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The Supreme Court, Mahatma Gandhi And The Silly New Standards For Obscenity

22/05/2015 8:13 AM IST | Updated 15/07/2016 8:25 AM IST
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Pigeons fly behind a silhouetted statue of Mahatma Gandhi adorned with garlands on Gandhi's birth anniversary in Amritsar, India Wednesday, Oct. 2, 2013. (AP Photo/Sanjeev Syal)

On 7 July, 2012, The Hindu published a sensational news story, authored by senior journalist P Sainath, about the embattled UB Group's shady dealings with the Bank of Maharashtra. The bank, the story went, was guilty of systematically weakening contractual conditions while sanctioning a loan of Rs 150 crore to a UB Group company, and there were real fears of the money being diverted to Kingfisher Airlines, which was quickly imploding. Sainath's source seems to have been an anonymous whistleblower, who the article quoted extensively.

While Sainath's Deep Throat was never publicly unmasked, it was soon to become clear who the powers that be in the bank thought it was-- Devidas Tuljapurkar, the general secretary of the employees' federation. Within months, an "internal chargesheet" was issued against him for not disclosing a criminal charge made against him in 1994, when as editor of the employees' union's private magazine, he allowed the publication of an "obscene" and "vulgar" poem called Gandhi Mala Bhetla (I Met Gandhi). Nineteen years later, the management saw the charge as an opportunity for settling scores. It's not clear what Tuljapurkar's fate finally was. However, an appeal from the 1994 case was decided this month, and highlighted once more just how oppressive our obscenity law is.

"[T]here is no such thing as a historically respected person. No one is entitled to our uncritical respect. Views differ on the legacy of every individual."

The Supreme Court had to decide whether Tuljapurkar and the poet, Vasant Gurjar, should stand trial in a criminal court for the "obscene publication", or whether the charge should be dropped. Incidentally, the poem in question was a satirical piece. Gandhi was shown visiting the poet and making caustic comments about his modern-day followers, who the poet felt were serving their own interests.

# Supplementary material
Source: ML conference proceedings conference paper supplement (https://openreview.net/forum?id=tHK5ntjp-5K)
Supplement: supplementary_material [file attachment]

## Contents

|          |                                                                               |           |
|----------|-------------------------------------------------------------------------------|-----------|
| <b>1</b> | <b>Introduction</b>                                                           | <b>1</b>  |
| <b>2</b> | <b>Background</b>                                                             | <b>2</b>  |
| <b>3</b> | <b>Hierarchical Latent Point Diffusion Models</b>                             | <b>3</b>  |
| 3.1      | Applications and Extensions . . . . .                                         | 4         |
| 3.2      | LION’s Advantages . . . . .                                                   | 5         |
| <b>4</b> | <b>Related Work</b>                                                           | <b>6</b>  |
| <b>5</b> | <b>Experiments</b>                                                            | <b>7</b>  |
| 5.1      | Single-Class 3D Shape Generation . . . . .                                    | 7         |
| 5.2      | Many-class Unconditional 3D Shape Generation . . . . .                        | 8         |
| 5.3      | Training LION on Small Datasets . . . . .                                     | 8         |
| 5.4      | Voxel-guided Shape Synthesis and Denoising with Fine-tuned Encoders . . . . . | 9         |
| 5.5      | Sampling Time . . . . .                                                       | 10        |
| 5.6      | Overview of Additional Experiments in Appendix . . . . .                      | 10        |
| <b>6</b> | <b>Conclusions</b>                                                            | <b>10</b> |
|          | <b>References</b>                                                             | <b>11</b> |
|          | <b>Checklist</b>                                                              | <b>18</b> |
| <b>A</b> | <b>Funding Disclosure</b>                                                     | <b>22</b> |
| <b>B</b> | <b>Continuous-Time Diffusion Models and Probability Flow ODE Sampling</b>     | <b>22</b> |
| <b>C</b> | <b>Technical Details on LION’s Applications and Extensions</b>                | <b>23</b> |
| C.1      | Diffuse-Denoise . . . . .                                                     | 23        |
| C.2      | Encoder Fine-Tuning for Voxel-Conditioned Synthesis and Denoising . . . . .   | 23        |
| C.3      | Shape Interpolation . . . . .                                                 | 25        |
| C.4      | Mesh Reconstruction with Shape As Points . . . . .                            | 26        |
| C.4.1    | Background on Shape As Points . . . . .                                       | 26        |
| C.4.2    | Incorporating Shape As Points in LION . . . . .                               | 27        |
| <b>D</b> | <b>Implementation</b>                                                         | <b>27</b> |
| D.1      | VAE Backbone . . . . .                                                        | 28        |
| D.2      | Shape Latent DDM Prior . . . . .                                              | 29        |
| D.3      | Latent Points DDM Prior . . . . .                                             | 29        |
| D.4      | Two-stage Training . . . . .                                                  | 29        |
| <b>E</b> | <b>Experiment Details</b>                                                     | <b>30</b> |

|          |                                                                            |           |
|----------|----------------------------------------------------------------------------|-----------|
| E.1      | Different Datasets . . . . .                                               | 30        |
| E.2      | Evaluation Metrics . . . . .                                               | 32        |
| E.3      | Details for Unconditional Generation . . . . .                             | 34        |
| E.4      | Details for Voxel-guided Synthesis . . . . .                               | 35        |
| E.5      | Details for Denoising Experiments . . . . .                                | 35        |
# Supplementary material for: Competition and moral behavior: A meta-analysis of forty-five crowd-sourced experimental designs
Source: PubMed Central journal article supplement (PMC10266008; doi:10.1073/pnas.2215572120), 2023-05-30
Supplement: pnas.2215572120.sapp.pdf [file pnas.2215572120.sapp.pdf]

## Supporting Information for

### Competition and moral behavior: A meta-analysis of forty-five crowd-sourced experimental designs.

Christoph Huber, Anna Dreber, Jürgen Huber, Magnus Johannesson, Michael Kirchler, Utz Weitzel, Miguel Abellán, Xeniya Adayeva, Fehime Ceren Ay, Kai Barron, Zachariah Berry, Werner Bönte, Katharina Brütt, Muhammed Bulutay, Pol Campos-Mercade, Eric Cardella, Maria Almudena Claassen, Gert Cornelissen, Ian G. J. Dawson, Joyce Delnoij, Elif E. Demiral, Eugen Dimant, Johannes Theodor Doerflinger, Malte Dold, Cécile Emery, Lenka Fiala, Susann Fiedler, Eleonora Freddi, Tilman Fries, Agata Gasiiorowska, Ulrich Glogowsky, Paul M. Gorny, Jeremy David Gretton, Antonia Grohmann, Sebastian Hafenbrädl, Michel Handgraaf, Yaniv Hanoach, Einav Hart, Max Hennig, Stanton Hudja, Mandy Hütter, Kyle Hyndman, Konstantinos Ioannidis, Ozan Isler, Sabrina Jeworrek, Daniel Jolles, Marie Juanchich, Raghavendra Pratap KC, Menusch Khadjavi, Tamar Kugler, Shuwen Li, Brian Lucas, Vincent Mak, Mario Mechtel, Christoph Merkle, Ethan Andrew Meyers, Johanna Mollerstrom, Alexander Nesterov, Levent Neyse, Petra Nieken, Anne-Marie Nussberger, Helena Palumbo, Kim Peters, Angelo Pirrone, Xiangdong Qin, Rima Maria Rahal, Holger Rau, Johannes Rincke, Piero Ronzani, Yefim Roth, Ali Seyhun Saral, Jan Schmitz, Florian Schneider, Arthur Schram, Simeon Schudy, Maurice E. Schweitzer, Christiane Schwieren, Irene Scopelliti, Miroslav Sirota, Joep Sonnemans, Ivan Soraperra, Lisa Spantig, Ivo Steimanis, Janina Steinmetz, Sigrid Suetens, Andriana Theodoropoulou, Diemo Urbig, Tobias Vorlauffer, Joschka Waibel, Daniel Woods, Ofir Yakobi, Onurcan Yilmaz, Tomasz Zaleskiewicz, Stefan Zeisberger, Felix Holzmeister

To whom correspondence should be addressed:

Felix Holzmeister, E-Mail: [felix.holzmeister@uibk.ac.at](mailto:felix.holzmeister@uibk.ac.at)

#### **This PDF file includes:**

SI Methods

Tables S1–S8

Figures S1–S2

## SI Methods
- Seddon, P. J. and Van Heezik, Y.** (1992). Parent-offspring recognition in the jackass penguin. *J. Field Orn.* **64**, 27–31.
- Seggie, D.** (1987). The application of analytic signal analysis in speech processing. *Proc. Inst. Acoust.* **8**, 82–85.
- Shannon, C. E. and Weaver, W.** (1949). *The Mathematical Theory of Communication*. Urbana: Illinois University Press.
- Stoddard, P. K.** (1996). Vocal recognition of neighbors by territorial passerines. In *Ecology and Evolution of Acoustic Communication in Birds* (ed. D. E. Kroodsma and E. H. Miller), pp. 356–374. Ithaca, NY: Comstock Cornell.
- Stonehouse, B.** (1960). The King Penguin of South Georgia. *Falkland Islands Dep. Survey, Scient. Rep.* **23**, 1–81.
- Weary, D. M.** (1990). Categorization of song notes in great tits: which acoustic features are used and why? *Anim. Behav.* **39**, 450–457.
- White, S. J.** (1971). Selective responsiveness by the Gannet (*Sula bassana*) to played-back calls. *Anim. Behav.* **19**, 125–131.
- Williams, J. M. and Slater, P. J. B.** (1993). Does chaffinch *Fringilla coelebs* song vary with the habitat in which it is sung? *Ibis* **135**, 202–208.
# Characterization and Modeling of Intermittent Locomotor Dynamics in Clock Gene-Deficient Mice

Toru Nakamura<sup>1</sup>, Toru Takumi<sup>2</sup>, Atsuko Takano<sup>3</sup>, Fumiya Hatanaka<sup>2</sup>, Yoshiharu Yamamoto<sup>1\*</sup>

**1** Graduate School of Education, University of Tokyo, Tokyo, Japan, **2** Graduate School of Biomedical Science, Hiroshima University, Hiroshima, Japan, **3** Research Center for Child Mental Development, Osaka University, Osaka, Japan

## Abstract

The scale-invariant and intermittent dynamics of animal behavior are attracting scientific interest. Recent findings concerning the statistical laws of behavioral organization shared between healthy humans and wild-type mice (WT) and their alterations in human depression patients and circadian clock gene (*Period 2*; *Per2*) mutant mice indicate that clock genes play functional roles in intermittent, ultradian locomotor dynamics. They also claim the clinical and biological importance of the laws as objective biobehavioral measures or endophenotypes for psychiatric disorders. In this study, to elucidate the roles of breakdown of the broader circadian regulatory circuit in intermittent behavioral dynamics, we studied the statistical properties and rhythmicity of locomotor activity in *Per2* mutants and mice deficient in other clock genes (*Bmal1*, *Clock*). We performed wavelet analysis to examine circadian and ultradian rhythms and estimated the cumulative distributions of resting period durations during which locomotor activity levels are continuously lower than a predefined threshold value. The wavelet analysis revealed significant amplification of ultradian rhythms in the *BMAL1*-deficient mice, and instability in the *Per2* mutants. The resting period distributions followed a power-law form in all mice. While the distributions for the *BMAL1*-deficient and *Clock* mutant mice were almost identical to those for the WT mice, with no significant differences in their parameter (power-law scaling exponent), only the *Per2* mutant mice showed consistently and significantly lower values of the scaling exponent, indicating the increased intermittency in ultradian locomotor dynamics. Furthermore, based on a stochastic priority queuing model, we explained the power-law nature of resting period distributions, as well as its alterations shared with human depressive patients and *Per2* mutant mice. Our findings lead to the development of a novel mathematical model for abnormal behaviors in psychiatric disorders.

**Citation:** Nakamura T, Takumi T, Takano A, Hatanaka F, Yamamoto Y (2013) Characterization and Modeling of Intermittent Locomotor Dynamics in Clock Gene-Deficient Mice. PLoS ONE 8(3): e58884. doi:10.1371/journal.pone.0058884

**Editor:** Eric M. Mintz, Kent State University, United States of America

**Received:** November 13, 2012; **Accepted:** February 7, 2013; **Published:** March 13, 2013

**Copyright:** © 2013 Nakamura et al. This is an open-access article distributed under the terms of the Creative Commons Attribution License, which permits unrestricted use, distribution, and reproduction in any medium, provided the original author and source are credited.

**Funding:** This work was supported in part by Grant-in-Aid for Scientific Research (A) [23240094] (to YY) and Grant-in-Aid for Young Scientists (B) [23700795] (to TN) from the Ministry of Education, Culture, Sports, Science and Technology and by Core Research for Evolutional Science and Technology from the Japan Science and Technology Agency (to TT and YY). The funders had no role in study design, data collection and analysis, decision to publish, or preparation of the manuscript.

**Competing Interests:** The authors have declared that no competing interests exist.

Rather than deciding whether the poem fell within the definition of obscenity under the Indian Penal Code, the court broadened its scope of enquiry to decide whether the name of a "historically respected personality" (in this case, Gandhi) could be used in an "obscene" manner. The judgment has over a 100 pages worth of quotes from other cases on obscenity. It even has a section titled "Mahatma Gandhi as perceived by this Court and certain others", in which the court reproduces passages from other judgments quoting Gandhi, presumably to demonstrate how "respected" he is.

At the end of this mind-numbing, insomnia-curing tour of quotations, the court's own analysis of the case is thin. In effect, it says that different, more stringent standards apply to speech related to personalities of the "historically respected" kind. They are entitled to more deference than the common man. It ends with the shocking line, "we do not intend to express any opinion that freedom of speech gives liberty to offend."

Firstly, there is no such thing as a historically respected person. No one is entitled to our uncritical respect. Views differ on the legacy of every individual. Mahatma Gandhi is a good example. Moreover, out of all the various forms of literature, poetry makes the least claims to literal interpretation. No one could believe that Gandhi actually visited the poet in 1983.

"One of the Supreme Court's constitutional functions is to declare the law. We should at the very least be trusted enough to be told what words the poet used."

The judgment also demonstrates what happens when judges attempt to delve into literary criticism. The recent controversies surrounding the French weekly Charlie Hebdo could be reasonably attributed to an inability to grasp the French satirical tradition. Similarly, the court hasn't made any attempt to decipher if the poem was obscene in the context of Marathi literature. Marathi writers have for centuries used earthy, vulgar language for social criticism. The 16th-century poet Eknath's lines on untouchability are peppered with vulgar allusions. More recently, Maharashtrian Dalit authors (most memorably Namdeo Dhasal) have employed the "language of the street" in biting, unrestrained critiques of the social order.

Also on full display is the sheer futility of our obscenity laws. The court goes out of its way to not itself sink into obscenity by quoting directly from the poem. But if obscenity is a crime, don't we deserve to know what the obscene words were, to avoid them in the future? Americans use a handy list of "seven dirty words" that cannot be spoken on television. This is how the Court quotes from the poem: "I met Gandhi on the road/ ______ in the name of _______/xxxx xxxx xxxx." One of the Supreme Court's constitutional functions is to declare the law. We should at the very least be trusted enough to be told what words the poet used.

A poet will soon be tried in a criminal court for nothing more than writing a poem more than 30 years ago. This is, to use a Gandhian phrase, a Himalayan blunder.

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